Jerusalem ‘terrorist attack’: Avraham Goldberg was a peace-loving grandfather from Liverpool

Family pays tribute to the British grandfather stabbed to death at a Jerusalem synagogue

Avraham Goldberg was a “peace-loving” and “tolerant” grandfather, his family has said.

“Apparently he was the first one they shot at,” his cousin, Michelle Hirschfield, told The Independent. “These kids that killed him were working in the local grocery shop down the road; they had jobs there,” she claimed.

The bodies of her 68-year-old cousin and the other three shot dead are said to have been “hacked to pieces with knives and hatchets,” she said.

It is an “extremely upsetting” time for the family. “I’ve obviously been shaken, very shaken.”

Ms Hirschfield, a 63-year-old lawyer from London, said: “We were brought up in Liverpool together. He was an only child and I’m one of five children, and he was like our surrogate brother.”

Mr Goldberg went to Liverpool Institute, then studied chemical engineering at Sheffield University and Imperial College London, before setting up a business organising conferences for pharmaceutical companies and then going into publishing.

The father of six lived in Golders Green, London with his wife Bryna, who worked as a teacher, for many years. The family left Britain to live in Israel “about 18 years ago”, according to Ms Hirschfield.

Her cousin “was a well-learned man, a peace- loving person, very educated; the sort of person whose philosophy in life was everybody does what they want to do. He was very tolerant.”

She added: “He has six children [five daughters and a son]. Three are married. He’s got grandchildren. Two grandchildren were married recently.”

The Goldberg family “are very upstanding members of the British community”, and Mr Goldberg’s uncle was known as “the angel of medicine” in Liverpool.

“He would go round on a Saturday with his medical bag and a bucket of coal to all these poor people in these Coronation Street type houses. He would take them food because he knew they were ill because they were cold and they didn’t have heating. He was a legend in Liverpool – and that’s the sort of family he came from,” commented Ms Hirschfield.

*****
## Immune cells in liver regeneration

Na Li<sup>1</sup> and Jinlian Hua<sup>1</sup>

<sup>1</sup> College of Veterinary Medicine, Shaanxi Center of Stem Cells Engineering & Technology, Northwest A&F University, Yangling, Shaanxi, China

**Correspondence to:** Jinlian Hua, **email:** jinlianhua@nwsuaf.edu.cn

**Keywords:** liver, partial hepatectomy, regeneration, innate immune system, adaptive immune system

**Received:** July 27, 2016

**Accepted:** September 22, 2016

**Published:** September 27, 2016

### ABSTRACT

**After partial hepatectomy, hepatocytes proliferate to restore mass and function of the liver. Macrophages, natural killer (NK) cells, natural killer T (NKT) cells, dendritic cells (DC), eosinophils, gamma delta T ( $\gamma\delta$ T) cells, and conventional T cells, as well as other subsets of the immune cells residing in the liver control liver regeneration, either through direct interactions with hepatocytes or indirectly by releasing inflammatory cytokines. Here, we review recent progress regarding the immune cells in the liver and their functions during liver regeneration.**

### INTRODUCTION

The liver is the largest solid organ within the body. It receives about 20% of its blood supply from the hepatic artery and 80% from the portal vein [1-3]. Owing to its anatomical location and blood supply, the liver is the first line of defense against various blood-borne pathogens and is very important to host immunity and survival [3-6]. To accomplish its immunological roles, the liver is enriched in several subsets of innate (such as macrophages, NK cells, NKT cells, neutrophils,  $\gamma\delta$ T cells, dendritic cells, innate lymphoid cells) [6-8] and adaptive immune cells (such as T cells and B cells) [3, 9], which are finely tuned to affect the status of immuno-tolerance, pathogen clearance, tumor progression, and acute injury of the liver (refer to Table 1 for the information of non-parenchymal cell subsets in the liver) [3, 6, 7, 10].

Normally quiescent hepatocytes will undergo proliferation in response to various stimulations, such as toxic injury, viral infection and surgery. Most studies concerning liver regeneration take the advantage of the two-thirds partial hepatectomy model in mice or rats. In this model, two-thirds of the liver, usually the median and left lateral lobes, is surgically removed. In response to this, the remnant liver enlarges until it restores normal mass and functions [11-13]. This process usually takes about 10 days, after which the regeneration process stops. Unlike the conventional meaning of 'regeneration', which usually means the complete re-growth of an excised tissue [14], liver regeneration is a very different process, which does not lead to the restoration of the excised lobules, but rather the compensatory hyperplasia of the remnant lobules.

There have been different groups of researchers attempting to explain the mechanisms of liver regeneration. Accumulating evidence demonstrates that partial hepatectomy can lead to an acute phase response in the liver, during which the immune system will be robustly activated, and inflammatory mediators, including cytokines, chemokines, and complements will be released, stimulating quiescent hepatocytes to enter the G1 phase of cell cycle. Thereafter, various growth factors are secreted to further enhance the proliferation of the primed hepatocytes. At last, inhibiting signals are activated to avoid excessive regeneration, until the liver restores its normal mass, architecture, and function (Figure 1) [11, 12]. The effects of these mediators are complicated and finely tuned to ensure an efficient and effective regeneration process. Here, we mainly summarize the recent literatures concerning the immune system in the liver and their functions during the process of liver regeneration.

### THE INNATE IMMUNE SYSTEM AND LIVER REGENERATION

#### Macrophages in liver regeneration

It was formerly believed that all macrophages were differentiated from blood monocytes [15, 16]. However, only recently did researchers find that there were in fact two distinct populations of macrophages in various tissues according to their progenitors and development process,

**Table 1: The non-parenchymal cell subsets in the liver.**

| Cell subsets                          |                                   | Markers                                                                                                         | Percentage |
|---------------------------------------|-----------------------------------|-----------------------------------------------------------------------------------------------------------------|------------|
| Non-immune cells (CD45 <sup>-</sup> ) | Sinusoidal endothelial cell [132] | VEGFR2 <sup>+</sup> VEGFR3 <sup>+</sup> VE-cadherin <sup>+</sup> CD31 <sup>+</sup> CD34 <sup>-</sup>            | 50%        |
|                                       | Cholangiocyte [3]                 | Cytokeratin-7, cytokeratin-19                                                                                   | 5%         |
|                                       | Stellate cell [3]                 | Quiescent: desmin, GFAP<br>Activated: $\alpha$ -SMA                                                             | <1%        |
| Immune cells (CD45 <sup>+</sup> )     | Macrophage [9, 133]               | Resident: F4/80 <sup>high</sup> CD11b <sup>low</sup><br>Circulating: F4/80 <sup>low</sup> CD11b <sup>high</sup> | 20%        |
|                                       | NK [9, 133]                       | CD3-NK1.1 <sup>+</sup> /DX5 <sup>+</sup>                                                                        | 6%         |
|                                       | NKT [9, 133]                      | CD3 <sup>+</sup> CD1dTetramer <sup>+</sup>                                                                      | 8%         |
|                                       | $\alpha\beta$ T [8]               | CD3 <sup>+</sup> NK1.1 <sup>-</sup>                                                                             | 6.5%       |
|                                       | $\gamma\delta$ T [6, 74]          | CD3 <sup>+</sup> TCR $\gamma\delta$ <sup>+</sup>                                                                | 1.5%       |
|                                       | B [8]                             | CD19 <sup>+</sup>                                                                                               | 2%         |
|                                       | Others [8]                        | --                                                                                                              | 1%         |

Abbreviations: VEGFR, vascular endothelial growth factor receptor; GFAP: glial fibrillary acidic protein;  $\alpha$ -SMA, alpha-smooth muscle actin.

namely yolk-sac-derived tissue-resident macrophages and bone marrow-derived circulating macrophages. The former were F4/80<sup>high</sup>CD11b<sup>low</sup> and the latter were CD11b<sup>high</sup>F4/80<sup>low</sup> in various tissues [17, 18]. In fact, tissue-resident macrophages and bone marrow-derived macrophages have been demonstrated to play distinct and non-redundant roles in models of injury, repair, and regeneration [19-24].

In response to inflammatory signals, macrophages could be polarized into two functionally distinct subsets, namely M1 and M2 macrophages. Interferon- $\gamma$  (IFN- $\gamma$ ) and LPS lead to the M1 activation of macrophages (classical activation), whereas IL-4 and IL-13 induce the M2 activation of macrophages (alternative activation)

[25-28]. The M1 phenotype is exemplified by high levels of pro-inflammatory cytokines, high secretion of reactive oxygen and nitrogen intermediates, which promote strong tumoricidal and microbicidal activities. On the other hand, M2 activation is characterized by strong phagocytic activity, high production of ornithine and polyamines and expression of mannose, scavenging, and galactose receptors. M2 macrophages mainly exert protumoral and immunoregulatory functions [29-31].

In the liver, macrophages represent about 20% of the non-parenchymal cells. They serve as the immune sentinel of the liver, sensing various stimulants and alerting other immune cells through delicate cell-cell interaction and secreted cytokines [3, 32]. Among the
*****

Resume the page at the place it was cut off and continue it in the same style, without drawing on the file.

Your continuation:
Her cousin took a keen interest in current affairs. “He was online every morning, read all the British newspapers. He would tell me what was in them before I’d even read them,” she said.

And she recalled how they had discussed the recent problems in Gaza. “He just felt ‘what is it coming to? How can people be so radicalised? How can life be reduced to people wanting to be martyrs, killing other people?’”

Ms Hirschfield recognised the synagogue on the news as she had dropped him off there during a visit to Israel six months ago. “I immediately texted him because I knew he’d go to the synagogue in the morning.”

She added: “I then rang my sister, who lives in Israel. She had tried to get in touch with him and couldn’t. She then rang the house and spoke to the son who said ‘dad’s not answering the mobile, mummy’s gone down to the synagogue’.”

Her sister then “rang up the hospitals in Jerusalem to find out if he’d been admitted and got nowhere.”

The bloody scene of the deadly attack The bloody scene of the deadly attack (GPO/Getty)
Hours later, they learned he was dead. Thousands attended a funeral for Mr Goldberg, and two of the other victims, Aryeh Kupinsky and Cary William Levine, in Jerusalem today.

Mr Goldberg “would only want justice to be done” according to his cousin. “I don’t think he would say ‘go out and shoot them all’.”

She added: “Arabs and Jews throughout Israel live side by side, especially in Jerusalem. The ordinary person only wants to get on with each other. I just feel that people think we can’t live side by side – that’s not true – we can.”

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